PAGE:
A Day of Delights with Three Little Ladies
Dear Family and Friends,
What is it like taking a day trip with three older Japanese women? Yesterday I found out. My friend Reiko San invited me to join her and her friends on a trip to Fukushima Prefecture. All three of them were in their late 70s, were rather short, and loved to talk. I towered over them, very much the “gaijin”, but not feeling out of place.
On the train, the three of them chattered like young school girls. They seemed to compete over who could tell the silliest stories. Their voices were loud and full of giggles. Normally, trains are very quiet. But no one seemed to mind four older women enjoying time together, away from their many serious responsibilities.
I mostly sat and listened, amused that they talked and laughed non-stop for well over two hours.
I also greatly appreciated the scenery.
The farms and mountains were stunning. Many places were still bringing in the rice harvest.
Others where bulging with apples more than ready for picking. Persimmon trees also dotted the landscape. Needless to say, Fukushima fruit is famous.
When Reiko San originally invited me, she said we would go to the Fukushima Prefectural Art Museum and then to a nearby local onsen. I was thrilled. I appreciate seeing art whenever I can. And a nice hot soak is always a welcomed treat.
But as soon as we were seated on one of the several trains we took, Reiko San announced that it would be one or the other. “No time for both. So, which is it?”
I was surprised and rather disappointed. So, I started asking questions. Maybe we could find a way to have both: art and a bath. The other two simply sat quietly, politely smiling. Not being used to anyone questioning decisions, Reiko San thought my questions were demands. They were not. It took a few dramatic exchanges before we agreed on a brief look at the museum grounds, maybe lunch there, and then on to the spa.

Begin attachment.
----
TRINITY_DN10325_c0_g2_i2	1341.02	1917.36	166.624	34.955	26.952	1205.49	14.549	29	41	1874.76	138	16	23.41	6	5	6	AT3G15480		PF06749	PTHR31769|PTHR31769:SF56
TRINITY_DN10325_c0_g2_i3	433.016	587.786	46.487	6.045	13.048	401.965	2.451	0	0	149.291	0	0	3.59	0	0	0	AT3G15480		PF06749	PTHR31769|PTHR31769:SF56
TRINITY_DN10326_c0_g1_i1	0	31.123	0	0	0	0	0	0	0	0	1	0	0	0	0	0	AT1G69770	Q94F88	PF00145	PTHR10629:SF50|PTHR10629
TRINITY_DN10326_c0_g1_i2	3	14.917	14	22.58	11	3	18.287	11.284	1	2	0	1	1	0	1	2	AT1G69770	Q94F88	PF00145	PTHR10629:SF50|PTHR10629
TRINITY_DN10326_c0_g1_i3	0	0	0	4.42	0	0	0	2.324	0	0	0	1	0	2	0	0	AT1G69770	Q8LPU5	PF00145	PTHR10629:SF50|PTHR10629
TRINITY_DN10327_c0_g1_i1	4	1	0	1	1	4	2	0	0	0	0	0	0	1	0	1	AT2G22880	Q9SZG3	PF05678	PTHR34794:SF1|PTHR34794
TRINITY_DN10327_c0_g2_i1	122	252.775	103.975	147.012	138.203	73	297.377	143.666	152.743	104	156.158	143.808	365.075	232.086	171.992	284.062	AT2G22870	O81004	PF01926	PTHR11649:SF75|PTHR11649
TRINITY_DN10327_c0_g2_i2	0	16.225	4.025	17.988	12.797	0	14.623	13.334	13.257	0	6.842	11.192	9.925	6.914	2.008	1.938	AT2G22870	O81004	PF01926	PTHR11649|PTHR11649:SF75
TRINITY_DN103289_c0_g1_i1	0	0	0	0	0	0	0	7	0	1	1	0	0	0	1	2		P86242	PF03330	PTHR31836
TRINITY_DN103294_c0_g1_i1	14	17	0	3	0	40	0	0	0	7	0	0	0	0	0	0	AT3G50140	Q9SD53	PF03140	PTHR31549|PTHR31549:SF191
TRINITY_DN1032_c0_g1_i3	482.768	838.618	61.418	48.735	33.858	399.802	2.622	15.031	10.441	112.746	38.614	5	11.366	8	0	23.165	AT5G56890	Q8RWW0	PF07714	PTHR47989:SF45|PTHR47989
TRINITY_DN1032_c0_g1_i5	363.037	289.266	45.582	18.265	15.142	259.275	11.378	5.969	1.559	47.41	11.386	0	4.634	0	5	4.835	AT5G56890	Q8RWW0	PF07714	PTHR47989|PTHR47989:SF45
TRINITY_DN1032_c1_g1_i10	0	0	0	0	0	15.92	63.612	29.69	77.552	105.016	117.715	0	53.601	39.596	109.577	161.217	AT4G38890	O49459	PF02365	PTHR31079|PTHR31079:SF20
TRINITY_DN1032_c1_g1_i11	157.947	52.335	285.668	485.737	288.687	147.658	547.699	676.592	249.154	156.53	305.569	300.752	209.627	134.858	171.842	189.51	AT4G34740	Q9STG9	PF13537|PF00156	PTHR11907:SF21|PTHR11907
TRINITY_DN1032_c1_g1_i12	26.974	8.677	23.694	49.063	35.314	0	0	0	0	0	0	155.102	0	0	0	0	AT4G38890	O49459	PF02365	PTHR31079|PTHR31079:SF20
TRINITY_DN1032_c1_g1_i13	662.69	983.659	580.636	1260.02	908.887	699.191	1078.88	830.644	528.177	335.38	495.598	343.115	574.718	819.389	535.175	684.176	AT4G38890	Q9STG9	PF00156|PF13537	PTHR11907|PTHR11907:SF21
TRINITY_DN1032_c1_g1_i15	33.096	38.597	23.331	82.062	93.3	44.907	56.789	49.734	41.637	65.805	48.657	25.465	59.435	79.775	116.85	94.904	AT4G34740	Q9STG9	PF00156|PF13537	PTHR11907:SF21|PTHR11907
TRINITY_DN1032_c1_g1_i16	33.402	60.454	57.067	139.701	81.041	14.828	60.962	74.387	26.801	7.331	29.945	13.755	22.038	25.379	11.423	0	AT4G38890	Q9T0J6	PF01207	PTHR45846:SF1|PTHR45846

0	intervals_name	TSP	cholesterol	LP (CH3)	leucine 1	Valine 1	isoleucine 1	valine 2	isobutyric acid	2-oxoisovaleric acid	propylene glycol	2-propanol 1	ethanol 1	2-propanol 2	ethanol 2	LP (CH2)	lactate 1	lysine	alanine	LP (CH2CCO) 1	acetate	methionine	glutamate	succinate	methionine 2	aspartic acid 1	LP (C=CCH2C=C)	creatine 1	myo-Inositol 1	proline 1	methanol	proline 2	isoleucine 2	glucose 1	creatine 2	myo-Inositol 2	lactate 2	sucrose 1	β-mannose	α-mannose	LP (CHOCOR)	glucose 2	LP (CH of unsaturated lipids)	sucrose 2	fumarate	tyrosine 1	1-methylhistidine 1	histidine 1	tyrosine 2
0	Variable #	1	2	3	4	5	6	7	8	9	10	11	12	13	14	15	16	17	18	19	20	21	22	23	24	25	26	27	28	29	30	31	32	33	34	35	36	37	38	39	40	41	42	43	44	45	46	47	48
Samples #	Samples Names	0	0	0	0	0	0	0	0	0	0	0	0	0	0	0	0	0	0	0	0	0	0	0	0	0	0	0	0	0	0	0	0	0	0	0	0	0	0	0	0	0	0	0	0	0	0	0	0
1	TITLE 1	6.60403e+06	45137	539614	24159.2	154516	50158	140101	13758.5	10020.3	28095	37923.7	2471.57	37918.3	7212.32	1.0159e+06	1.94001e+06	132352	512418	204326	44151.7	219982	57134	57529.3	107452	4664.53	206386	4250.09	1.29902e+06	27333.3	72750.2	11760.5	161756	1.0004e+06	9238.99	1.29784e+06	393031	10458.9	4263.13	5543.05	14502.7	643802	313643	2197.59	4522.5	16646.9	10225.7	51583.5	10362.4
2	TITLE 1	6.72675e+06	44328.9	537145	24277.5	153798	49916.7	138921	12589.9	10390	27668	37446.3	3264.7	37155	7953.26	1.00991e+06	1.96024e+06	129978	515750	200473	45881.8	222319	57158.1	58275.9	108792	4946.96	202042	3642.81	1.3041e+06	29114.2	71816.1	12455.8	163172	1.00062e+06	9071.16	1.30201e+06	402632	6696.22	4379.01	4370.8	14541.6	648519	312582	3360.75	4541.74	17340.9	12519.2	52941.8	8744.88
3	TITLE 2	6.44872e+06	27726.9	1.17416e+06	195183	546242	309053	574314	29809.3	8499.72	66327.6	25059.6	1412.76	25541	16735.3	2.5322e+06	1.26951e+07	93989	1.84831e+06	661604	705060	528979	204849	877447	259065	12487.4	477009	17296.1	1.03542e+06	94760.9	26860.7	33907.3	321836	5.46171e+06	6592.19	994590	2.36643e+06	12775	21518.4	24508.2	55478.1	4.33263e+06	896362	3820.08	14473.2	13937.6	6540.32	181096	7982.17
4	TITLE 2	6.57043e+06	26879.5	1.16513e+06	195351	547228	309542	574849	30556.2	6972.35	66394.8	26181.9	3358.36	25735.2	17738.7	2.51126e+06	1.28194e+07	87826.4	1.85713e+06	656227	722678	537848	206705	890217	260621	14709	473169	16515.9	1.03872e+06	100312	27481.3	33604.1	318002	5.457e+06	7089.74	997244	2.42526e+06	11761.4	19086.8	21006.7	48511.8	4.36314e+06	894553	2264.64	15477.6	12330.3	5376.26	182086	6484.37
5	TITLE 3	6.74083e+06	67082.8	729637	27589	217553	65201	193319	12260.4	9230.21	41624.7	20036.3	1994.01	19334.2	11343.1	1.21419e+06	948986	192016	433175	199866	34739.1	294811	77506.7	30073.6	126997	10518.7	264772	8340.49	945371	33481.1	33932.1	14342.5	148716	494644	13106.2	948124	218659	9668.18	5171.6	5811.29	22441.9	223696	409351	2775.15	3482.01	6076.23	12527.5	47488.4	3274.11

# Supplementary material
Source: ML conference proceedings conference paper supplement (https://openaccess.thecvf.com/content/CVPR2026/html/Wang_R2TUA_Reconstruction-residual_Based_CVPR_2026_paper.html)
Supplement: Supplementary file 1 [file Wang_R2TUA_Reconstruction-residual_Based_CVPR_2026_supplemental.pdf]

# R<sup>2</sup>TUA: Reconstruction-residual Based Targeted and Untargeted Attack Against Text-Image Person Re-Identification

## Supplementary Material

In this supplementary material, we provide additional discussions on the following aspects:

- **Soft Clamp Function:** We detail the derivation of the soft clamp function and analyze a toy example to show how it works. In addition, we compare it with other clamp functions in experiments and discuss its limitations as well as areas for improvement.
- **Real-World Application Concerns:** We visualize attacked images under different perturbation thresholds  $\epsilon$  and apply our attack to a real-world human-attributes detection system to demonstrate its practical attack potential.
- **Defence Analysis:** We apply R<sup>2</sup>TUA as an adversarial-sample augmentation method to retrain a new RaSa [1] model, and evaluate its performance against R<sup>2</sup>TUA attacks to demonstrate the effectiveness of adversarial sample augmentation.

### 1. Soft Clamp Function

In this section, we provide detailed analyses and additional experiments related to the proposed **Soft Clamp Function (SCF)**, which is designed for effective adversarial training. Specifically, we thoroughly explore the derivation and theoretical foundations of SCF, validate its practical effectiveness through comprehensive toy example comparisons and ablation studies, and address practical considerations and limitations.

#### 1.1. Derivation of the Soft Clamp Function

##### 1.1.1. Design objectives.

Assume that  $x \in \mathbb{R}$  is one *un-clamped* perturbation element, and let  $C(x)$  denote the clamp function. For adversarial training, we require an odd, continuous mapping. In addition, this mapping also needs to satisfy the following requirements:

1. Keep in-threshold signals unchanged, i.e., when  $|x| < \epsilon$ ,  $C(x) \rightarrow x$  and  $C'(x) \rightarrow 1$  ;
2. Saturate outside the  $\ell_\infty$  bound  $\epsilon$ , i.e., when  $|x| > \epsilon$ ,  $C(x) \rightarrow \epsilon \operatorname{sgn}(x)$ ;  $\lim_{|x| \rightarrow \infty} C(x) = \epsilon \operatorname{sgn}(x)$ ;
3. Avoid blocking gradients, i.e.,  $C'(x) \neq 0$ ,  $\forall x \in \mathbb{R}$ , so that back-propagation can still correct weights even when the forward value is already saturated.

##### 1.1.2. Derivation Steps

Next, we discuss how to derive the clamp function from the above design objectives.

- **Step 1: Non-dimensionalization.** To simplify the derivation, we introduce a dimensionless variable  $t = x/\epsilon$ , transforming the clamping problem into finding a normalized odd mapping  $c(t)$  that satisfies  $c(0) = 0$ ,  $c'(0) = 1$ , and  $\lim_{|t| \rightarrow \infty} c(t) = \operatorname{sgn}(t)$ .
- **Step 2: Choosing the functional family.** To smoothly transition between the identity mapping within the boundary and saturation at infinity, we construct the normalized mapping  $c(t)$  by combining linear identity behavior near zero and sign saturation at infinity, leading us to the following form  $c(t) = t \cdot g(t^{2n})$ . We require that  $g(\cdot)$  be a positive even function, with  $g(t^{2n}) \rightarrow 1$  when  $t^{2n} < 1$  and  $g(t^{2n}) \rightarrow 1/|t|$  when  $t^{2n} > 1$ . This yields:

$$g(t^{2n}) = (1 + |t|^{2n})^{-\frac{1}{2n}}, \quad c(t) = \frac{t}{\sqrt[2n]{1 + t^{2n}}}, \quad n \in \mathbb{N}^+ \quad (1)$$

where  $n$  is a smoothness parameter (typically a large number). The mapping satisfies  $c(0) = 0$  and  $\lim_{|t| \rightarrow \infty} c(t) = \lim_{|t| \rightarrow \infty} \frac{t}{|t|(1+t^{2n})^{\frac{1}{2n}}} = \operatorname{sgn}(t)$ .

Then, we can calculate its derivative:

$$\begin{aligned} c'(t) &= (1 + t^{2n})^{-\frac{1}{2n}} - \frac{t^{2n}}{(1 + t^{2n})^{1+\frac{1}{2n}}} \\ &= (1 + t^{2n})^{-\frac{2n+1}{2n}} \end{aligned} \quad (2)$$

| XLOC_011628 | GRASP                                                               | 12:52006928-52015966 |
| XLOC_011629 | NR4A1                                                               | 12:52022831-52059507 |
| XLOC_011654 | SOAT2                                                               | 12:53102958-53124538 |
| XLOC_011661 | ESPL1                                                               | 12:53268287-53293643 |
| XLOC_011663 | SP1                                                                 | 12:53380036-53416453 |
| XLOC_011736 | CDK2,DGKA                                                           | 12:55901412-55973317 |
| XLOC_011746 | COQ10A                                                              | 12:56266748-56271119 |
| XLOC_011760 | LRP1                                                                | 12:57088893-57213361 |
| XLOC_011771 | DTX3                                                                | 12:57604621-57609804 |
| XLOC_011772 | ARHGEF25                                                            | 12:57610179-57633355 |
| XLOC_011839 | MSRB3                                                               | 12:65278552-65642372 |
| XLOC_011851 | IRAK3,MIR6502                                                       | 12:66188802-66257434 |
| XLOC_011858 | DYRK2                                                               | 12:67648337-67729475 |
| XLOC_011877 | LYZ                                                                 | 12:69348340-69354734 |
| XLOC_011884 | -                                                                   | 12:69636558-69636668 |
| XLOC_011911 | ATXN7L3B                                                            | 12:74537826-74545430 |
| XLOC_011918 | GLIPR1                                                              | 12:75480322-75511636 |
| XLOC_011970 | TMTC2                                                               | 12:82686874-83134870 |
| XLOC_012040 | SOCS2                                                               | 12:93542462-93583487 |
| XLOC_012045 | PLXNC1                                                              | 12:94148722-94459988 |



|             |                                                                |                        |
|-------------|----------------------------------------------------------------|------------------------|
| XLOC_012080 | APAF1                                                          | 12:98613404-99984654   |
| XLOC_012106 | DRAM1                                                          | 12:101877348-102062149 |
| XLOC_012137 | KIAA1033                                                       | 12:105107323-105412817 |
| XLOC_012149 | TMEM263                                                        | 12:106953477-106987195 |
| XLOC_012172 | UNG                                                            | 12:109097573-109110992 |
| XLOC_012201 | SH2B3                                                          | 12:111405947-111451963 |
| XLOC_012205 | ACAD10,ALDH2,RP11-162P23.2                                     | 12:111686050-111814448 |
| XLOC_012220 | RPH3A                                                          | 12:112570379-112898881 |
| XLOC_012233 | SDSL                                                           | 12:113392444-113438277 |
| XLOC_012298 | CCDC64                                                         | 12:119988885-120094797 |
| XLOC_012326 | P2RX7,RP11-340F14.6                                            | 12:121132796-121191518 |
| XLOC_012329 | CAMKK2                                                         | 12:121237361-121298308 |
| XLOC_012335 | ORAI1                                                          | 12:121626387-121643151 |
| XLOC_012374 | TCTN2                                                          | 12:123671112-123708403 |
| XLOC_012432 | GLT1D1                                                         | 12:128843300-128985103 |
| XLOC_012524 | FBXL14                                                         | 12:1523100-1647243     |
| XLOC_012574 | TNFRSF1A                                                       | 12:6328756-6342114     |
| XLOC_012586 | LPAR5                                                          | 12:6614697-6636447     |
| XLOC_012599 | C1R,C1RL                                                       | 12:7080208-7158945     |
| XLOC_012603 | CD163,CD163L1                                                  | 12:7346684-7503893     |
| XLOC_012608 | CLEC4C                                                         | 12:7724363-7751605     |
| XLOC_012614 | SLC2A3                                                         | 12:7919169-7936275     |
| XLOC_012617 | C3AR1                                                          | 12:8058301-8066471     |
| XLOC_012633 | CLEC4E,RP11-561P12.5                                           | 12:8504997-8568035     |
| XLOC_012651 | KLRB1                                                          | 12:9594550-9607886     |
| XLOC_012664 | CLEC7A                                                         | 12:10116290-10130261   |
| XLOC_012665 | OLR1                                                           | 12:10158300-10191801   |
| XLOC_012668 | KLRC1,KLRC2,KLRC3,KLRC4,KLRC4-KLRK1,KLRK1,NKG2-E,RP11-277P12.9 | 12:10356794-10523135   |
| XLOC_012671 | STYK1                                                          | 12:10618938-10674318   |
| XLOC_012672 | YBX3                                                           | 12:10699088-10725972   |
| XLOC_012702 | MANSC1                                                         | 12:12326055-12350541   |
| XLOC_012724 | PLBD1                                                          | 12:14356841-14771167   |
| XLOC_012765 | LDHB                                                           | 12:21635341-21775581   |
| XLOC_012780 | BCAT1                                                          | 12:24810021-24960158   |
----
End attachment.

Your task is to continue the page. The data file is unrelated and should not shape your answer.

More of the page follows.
The museum visit was indeed brief. The lunch there nice, but more than we needed. However, going there was a good incentive to return later, probably on my own.
Then we headed to the spa town. We followed what our generation most often does; we did not rely on Google for information. Rather, we talked to locals. They were more than delighted to help us, and then to chat. They even went out of their way to make sure we were headed in the right direction.
The onsen village was lovely. Old buildings had been converted to hotels or shops.
There was a restored water tower.
And the former village head’s home had become a small park with a lone persimmon tree and free foot baths. Many locals came and spent a long, quiet time soaking their feet and reading, doing computer work, or sleeping.
We decided on a local bath. It was in a very old building with a beautiful ceiling.
The water was hot and delightfully soothing. But even there, we did not stay long. I have found that Japanese trips with friends are often a quick, superficial encounter with place, contrasted with unending, unrelated chatter among participants.
Another part of the ritual of a day trip is that everyone brings something for the others. I did not know that, so had nothing. But I surely will the next time.
Another ritual occurs on the way home. No matter how full you might be from lunch, you have a snack. I was simply not hungry, but the others ate and continued chatting and giggling as they rubbed their stomachs and said over and over again how full they were.
After that, the door was open to tell personal stories. One woman told about her grandson who became uncontrollable after his parents’ divorce when he and his father returned to live with her. He is a constant problem. Another has a mentally challenged son, now an adult, who lives with her. He has simple jobs, but his mom often fills in for him.
The other lady’s job was fascinating. She works with Japanese nationals who were born in China during WW II and forced to stay there when the war ended. Until recently, they lived their entire lives in China, often marrying locals. But in their 70s, they were repatriated. They came here not knowing the language or the culture, and some without family. And now they are in nursing homes. I asked why they returned to Japan. “Because they always wanted to,” was the reply. Such deep inner identity with place is something alien to my American pioneering spirit.
After dipping into their personal worlds, they had permission to fall asleep, which all of them did.
I got off the train before the others. I left them all snoring. I knew they would be all right since they were heading to the last stop. The conductor would get them off the train if they were still snoozing.
Unless it is hiking, I do not usually go on day trips with others. But I found those three ladies fun to be with.
They obviously enjoyed our day, too. We promised to meet again before the end of the year. If not for another day trip, surely for a Year End Party. We want to celebrate the happy times we shared in 2023. And we hope for good health and free time to do more together, and maybe with others, in the year(s) to come.